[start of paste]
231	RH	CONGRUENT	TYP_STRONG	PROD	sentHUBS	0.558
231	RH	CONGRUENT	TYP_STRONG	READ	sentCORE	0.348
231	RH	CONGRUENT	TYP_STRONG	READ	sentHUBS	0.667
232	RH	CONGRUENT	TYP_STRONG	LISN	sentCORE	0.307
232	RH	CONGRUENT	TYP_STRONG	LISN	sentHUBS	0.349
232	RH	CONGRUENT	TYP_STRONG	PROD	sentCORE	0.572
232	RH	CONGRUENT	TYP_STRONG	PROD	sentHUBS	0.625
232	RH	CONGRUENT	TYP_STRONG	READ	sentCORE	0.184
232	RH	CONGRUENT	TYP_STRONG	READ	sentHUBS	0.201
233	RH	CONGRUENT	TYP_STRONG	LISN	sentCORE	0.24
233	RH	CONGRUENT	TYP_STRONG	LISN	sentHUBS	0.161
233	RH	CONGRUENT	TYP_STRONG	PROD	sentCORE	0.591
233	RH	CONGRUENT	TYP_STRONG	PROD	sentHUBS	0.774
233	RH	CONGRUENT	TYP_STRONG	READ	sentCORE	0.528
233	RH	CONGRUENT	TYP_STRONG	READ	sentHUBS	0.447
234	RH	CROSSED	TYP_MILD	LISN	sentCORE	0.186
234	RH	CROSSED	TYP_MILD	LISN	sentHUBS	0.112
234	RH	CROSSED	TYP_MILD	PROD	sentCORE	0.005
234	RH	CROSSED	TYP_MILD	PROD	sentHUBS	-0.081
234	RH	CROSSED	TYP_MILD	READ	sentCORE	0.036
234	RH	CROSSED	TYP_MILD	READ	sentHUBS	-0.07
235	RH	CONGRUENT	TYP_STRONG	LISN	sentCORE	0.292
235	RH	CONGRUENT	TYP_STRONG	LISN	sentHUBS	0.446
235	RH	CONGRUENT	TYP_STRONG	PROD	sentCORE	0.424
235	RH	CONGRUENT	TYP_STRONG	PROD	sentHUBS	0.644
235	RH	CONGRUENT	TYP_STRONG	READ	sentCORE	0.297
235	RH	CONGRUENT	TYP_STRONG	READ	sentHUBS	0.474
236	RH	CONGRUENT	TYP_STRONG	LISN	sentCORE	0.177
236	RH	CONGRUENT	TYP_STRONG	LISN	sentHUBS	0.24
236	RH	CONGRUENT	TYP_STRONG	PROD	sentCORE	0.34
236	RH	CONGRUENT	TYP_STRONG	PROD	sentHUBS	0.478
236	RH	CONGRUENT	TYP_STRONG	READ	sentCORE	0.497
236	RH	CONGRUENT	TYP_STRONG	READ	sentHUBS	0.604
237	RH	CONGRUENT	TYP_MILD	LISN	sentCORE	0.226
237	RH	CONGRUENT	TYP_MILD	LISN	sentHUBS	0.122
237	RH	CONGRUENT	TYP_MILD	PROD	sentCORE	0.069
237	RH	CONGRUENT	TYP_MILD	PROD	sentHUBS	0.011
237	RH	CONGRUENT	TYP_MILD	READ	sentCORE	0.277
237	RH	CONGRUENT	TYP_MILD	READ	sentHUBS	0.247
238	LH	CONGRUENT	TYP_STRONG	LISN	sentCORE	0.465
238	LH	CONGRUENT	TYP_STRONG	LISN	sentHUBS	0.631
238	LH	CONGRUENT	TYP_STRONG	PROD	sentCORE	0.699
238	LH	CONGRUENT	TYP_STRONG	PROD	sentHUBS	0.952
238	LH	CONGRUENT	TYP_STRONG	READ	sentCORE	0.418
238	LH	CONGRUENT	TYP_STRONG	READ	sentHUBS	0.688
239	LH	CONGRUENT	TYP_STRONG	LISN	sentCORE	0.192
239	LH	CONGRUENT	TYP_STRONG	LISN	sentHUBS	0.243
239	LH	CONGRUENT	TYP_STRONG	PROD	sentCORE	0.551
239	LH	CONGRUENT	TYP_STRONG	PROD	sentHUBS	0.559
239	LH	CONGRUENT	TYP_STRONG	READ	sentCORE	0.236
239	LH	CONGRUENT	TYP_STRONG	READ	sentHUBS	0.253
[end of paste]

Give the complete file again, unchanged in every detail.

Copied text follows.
231	RH	CONGRUENT	TYP_STRONG	PROD	sentHUBS	0.558
231	RH	CONGRUENT	TYP_STRONG	READ	sentCORE	0.348
231	RH	CONGRUENT	TYP_STRONG	READ	sentHUBS	0.667
232	RH	CONGRUENT	TYP_STRONG	LISN	sentCORE	0.307
232	RH	CONGRUENT	TYP_STRONG	LISN	sentHUBS	0.349
232	RH	CONGRUENT	TYP_STRONG	PROD	sentCORE	0.572
232	RH	CONGRUENT	TYP_STRONG	PROD	sentHUBS	0.625
232	RH	CONGRUENT	TYP_STRONG	READ	sentCORE	0.184
232	RH	CONGRUENT	TYP_STRONG	READ	sentHUBS	0.201
233	RH	CONGRUENT	TYP_STRONG	LISN	sentCORE	0.24
233	RH	CONGRUENT	TYP_STRONG	LISN	sentHUBS	0.161
233	RH	CONGRUENT	TYP_STRONG	PROD	sentCORE	0.591
233	RH	CONGRUENT	TYP_STRONG	PROD	sentHUBS	0.774
233	RH	CONGRUENT	TYP_STRONG	READ	sentCORE	0.528
233	RH	CONGRUENT	TYP_STRONG	READ	sentHUBS	0.447
234	RH	CROSSED	TYP_MILD	LISN	sentCORE	0.186
234	RH	CROSSED	TYP_MILD	LISN	sentHUBS	0.112
234	RH	CROSSED	TYP_MILD	PROD	sentCORE	0.005
234	RH	CROSSED	TYP_MILD	PROD	sentHUBS	-0.081
234	RH	CROSSED	TYP_MILD	READ	sentCORE	0.036
234	RH	CROSSED	TYP_MILD	READ	sentHUBS	-0.07
235	RH	CONGRUENT	TYP_STRONG	LISN	sentCORE	0.292
235	RH	CONGRUENT	TYP_STRONG	LISN	sentHUBS	0.446
235	RH	CONGRUENT	TYP_STRONG	PROD	sentCORE	0.424
235	RH	CONGRUENT	TYP_STRONG	PROD	sentHUBS	0.644
235	RH	CONGRUENT	TYP_STRONG	READ	sentCORE	0.297
235	RH	CONGRUENT	TYP_STRONG	READ	sentHUBS	0.474
236	RH	CONGRUENT	TYP_STRONG	LISN	sentCORE	0.177
236	RH	CONGRUENT	TYP_STRONG	LISN	sentHUBS	0.24
236	RH	CONGRUENT	TYP_STRONG	PROD	sentCORE	0.34
236	RH	CONGRUENT	TYP_STRONG	PROD	sentHUBS	0.478
236	RH	CONGRUENT	TYP_STRONG	READ	sentCORE	0.497
236	RH	CONGRUENT	TYP_STRONG	READ	sentHUBS	0.604
237	RH	CONGRUENT	TYP_MILD	LISN	sentCORE	0.226
237	RH	CONGRUENT	TYP_MILD	LISN	sentHUBS	0.122
237	RH	CONGRUENT	TYP_MILD	PROD	sentCORE	0.069
237	RH	CONGRUENT	TYP_MILD	PROD	sentHUBS	0.011
237	RH	CONGRUENT	TYP_MILD	READ	sentCORE	0.277
237	RH	CONGRUENT	TYP_MILD	READ	sentHUBS	0.247
238	LH	CONGRUENT	TYP_STRONG	LISN	sentCORE	0.465
238	LH	CONGRUENT	TYP_STRONG	LISN	sentHUBS	0.631
238	LH	CONGRUENT	TYP_STRONG	PROD	sentCORE	0.699
238	LH	CONGRUENT	TYP_STRONG	PROD	sentHUBS	0.952
238	LH	CONGRUENT	TYP_STRONG	READ	sentCORE	0.418
238	LH	CONGRUENT	TYP_STRONG	READ	sentHUBS	0.688
239	LH	CONGRUENT	TYP_STRONG	LISN	sentCORE	0.192
239	LH	CONGRUENT	TYP_STRONG	LISN	sentHUBS	0.243
239	LH	CONGRUENT	TYP_STRONG	PROD	sentCORE	0.551
239	LH	CONGRUENT	TYP_STRONG	PROD	sentHUBS	0.559
239	LH	CONGRUENT	TYP_STRONG	READ	sentCORE	0.236
239	LH	CONGRUENT	TYP_STRONG	READ	sentHUBS	0.253